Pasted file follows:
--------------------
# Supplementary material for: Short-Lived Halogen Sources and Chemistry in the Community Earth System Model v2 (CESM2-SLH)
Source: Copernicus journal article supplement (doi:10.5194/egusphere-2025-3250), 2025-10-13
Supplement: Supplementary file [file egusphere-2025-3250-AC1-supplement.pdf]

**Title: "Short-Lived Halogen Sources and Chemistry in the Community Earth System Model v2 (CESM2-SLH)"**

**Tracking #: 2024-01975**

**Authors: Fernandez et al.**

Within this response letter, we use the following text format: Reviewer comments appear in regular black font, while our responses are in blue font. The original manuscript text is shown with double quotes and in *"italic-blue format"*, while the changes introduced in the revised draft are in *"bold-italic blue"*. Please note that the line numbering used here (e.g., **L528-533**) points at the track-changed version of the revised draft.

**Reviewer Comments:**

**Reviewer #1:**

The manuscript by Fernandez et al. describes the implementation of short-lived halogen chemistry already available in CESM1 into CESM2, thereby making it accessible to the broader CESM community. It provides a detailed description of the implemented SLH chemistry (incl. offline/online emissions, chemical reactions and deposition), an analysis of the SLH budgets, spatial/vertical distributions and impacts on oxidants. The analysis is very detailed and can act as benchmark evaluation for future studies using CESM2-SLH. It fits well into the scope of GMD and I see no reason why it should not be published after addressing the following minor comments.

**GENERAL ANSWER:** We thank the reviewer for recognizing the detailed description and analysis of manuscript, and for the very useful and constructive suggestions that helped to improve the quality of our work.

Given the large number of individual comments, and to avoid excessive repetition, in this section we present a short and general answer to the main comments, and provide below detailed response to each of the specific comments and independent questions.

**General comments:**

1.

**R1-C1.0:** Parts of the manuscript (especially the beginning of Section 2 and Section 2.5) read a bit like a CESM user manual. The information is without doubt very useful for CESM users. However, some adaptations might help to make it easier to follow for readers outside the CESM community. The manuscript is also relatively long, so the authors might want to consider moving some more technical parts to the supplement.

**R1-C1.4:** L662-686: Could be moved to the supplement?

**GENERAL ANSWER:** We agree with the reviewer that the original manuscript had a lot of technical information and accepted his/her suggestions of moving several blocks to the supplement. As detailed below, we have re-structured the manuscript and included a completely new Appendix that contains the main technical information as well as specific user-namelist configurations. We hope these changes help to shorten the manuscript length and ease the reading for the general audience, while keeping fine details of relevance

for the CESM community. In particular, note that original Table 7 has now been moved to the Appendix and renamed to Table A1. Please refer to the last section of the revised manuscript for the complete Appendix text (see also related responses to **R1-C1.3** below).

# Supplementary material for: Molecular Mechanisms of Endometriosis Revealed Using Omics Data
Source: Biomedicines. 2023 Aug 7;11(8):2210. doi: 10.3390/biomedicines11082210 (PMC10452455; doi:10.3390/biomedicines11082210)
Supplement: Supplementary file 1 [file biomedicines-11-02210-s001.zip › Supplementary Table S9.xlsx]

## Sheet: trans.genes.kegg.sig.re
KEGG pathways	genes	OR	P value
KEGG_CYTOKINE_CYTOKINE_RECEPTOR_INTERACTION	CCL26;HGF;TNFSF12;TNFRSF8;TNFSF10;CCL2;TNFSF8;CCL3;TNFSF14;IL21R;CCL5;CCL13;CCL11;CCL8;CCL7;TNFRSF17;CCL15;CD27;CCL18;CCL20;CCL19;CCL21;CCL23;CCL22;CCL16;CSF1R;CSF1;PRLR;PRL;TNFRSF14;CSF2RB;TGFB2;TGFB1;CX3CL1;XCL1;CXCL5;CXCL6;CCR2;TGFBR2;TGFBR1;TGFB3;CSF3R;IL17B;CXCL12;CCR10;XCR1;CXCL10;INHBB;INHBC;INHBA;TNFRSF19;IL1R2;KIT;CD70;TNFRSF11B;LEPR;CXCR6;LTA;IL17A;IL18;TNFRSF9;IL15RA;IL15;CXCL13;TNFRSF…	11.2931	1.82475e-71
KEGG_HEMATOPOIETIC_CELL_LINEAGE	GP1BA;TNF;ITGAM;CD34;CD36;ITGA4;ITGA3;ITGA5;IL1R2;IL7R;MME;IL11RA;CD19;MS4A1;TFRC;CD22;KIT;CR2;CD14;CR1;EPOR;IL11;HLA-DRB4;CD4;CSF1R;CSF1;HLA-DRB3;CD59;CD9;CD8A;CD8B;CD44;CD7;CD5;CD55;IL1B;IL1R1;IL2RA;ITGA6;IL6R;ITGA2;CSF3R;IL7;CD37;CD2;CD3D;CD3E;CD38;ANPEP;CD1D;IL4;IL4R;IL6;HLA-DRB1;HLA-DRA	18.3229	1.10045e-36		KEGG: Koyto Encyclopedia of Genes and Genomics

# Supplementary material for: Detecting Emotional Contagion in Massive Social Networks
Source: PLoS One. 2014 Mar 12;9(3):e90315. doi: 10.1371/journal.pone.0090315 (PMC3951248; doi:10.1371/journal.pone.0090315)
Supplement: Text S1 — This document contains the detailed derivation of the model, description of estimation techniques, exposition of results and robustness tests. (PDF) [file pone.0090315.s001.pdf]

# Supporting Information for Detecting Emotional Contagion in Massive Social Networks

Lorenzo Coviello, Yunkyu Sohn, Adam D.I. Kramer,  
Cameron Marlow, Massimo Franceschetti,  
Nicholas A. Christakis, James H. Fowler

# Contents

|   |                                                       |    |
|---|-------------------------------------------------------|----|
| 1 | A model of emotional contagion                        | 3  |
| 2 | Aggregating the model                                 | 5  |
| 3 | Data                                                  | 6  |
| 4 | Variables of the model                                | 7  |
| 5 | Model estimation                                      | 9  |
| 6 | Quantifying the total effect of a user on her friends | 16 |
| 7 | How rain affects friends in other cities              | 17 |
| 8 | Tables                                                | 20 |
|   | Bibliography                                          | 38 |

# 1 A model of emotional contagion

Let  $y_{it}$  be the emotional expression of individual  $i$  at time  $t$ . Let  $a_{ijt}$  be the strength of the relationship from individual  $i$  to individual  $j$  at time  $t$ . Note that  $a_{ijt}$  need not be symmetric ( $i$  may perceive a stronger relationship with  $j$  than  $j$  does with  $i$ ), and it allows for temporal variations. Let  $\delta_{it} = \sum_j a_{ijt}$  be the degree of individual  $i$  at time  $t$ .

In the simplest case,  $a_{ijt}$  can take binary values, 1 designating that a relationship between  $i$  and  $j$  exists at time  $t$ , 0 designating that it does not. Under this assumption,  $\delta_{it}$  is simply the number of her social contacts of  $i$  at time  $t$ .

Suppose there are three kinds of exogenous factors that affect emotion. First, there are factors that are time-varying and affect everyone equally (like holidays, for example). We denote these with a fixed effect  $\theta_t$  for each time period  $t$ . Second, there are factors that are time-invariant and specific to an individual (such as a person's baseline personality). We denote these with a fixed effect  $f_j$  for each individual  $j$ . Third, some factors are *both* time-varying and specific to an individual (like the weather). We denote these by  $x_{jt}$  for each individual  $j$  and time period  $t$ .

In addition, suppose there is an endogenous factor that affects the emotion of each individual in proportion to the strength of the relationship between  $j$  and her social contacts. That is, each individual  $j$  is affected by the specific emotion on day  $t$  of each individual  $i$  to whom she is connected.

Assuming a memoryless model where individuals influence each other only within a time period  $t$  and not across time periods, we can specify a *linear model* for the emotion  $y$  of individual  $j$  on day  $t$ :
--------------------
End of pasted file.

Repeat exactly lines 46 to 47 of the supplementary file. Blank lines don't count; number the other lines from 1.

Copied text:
Let  $y_{it}$  be the emotional expression of individual  $i$  at time  $t$ . Let  $a_{ijt}$  be the strength of the relationship from individual  $i$  to individual  $j$  at time  $t$ . Note that  $a_{ijt}$  need not be symmetric ( $i$  may perceive a stronger relationship with  $j$  than  $j$  does with  $i$ ), and it allows for temporal variations. Let  $\delta_{it} = \sum_j a_{ijt}$  be the degree of individual  $i$  at time  $t$ .

In the simplest case,  $a_{ijt}$  can take binary values, 1 designating that a relationship between  $i$  and  $j$  exists at time  $t$ , 0 designating that it does not. Under this assumption,  $\delta_{it}$  is simply the number of her social contacts of  $i$  at time  $t$ .